The lone asparagus farmer: pioneering high-value crop
Author / Source : SHERPA HOSSAINY
DHAKA, OCT 17: “The asparagus appeared. They were enormous, succulent, and appetising. The smell of the melted butter tickled my nostrils as the nostrils of Jehovah were tickled by the burned offerings of the virtuous Semites.” — That’s how WS Maugham described the “horribly expensive” vegetable in his witty short story “The Luncheon”. Ansar Ali, a vegetable farmer for almost 40 years, had little idea about asparagus’s inauspicious role in the story where Maugham got ripped off by a woman at a lunch in Paris; however, to Ali, as it seems, the jinxed vegetable for Maugham has surely brought luck. Twelve years ago, Ali, 60, of Bujrukshokra village of Bogra district, was immersed in huge debt following a long legal tussle with a local Union Parishad chairman. Profits from paddy cultivation was barely enough for survival.
“I thought of cultivating something other than paddy or potato that will give me more money, but I was clueless,” Ali told The Independent, recalling his struggles. At that time Thengamara Mohila Sabuj Sangha (TMSS), an NGO, was trying to promote cultivation of atypical vegetables in Bogra. “We provided information and training to farmers. Only Ansar Ali was keen and bold enough to start asparagus farming while others resorted to conventional produce,” said Sardar Mahtabuddin, senior assistant director (agriculture) of TMSS.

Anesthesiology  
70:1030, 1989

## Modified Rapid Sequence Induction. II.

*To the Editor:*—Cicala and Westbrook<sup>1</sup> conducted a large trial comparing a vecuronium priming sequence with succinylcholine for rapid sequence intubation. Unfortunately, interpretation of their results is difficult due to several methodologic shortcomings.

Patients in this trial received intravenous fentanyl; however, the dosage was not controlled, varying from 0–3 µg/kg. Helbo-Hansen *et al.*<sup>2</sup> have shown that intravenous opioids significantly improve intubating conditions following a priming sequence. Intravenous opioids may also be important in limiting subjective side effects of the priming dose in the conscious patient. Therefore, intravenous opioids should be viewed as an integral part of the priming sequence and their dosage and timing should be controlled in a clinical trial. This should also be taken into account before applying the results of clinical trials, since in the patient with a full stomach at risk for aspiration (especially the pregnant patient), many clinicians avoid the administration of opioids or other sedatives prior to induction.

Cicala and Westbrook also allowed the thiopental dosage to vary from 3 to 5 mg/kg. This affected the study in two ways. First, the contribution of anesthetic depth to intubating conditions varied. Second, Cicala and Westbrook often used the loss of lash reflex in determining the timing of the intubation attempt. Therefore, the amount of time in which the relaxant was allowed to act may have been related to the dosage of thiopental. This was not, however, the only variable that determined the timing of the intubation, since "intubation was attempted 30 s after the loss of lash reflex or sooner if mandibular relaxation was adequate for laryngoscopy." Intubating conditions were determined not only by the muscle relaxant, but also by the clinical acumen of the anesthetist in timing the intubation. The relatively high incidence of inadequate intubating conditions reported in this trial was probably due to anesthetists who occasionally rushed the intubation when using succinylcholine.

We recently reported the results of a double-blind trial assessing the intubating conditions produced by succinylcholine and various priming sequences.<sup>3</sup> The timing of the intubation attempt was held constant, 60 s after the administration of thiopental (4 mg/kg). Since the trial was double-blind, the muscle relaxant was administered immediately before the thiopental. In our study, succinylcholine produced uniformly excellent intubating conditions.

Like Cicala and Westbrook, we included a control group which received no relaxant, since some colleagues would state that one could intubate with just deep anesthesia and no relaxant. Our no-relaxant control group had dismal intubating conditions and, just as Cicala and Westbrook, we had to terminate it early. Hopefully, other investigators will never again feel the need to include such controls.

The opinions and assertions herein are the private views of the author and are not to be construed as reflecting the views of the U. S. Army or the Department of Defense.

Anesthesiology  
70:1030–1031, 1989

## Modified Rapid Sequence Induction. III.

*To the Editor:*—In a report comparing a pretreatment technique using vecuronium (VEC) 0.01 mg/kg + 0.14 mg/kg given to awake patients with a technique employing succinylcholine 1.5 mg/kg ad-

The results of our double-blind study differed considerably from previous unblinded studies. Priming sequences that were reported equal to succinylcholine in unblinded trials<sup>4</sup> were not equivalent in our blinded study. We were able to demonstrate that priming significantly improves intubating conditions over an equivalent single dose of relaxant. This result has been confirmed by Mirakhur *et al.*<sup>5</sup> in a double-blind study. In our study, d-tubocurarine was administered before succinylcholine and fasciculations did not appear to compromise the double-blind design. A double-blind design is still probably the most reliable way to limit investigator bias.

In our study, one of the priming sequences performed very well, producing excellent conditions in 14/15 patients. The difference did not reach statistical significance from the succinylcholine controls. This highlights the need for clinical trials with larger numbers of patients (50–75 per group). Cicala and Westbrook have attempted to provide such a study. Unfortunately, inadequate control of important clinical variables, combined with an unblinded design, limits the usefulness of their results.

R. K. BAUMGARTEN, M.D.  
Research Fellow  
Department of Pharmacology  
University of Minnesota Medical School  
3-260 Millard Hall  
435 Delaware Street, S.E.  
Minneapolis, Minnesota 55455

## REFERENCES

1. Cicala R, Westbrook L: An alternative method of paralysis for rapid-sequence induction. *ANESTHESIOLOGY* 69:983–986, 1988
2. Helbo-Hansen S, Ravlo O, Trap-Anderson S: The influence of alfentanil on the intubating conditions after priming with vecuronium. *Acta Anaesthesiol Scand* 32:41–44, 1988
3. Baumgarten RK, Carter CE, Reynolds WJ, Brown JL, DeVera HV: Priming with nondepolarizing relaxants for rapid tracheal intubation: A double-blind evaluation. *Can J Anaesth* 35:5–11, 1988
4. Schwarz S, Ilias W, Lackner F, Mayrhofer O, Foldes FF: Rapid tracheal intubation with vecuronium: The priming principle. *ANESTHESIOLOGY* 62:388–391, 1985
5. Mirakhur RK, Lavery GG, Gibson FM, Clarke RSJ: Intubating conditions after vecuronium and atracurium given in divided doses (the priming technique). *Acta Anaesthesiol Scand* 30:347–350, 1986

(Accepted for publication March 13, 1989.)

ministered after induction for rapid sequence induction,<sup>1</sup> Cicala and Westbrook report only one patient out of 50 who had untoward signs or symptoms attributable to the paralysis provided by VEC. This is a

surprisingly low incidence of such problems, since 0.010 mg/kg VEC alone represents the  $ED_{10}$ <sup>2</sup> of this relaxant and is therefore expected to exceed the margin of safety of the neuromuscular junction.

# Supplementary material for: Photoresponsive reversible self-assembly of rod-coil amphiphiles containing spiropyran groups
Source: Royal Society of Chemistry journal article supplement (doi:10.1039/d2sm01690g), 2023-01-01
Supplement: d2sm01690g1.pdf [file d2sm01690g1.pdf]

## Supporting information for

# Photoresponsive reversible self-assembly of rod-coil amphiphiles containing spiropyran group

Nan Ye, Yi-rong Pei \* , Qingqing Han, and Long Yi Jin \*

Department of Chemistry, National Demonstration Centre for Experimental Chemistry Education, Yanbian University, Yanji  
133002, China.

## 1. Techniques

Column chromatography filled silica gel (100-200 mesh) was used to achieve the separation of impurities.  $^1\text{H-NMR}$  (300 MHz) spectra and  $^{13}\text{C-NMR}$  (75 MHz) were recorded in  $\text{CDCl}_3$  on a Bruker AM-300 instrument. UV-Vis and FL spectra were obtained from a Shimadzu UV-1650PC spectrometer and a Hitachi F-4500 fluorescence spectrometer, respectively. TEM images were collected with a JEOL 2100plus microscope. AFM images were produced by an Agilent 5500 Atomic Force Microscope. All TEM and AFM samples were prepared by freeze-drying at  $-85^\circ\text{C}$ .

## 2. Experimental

TMSS helped Ali by providing him the crowns (used for asparagus cultivation), which cost Tk 14,000 per kg. Ali got 100 grams of it and started growing asparagus on 5 decimals (1 decimal = .01 acre) of land. He never looked back as he made Tk 10,000 profit in the first year.
“Now I grow asparagus on 20 decimals of land and make Tk 50-70,000 profit by selling about 600 kilograms of produce every year,” Ali said. “It’s more profitable than paddy, potato or any other local produce. I sell every kilo at Tk 200 or sometimes at Tk 250 or 300,” he said.
Encouraged by the success, Ali started growing high-value crops (foreign vegetables) such as sweet corn, baby corn, capsicum (red and yellow), squash, cherry tomato, broccoli and iceberg lettuce on 20 bigha of land (1 bigha = 0.33 acre).
“Now I earn Tk 5-7 lakh by selling these produces every year, while I spend around Tk 3 lakh,” the veteran vegetable farmer said.
Apart from asparagus’s lucrative potential for farmers, it also holds a great nutritional value.
According to Michigan Asparagus Advisory Board, asparagus is one of the most nutritionally well-balanced vegetables in existence and one of nature’s most perfect foods, as it leads nearly all produce items in the wide array of nutrients it supplies.
Asparagus is a nutrient-dense food which is high in Folic acid and is a good source of potassium, fibre, vitamin B6, vitamins A and C, and thiamine. It has no fat, contains no cholesterol and is low in Sodium. A 5.3 ounce serving provides 60 per cent of the recommended daily allowance for folacin, which is necessary for blood cell formation, growth, and prevention of liver disease.
Obscure as it may be to Bangladeshis, it is a well known culinary delight in the West and also in Southeast Asia. In Bangladesh, there is a high demand for asparagus in the Chinese restaurants and posh hotels in Dhaka. “The expatriates living in Dhaka are the main customers of these vegetables,” Mahtabuddin said.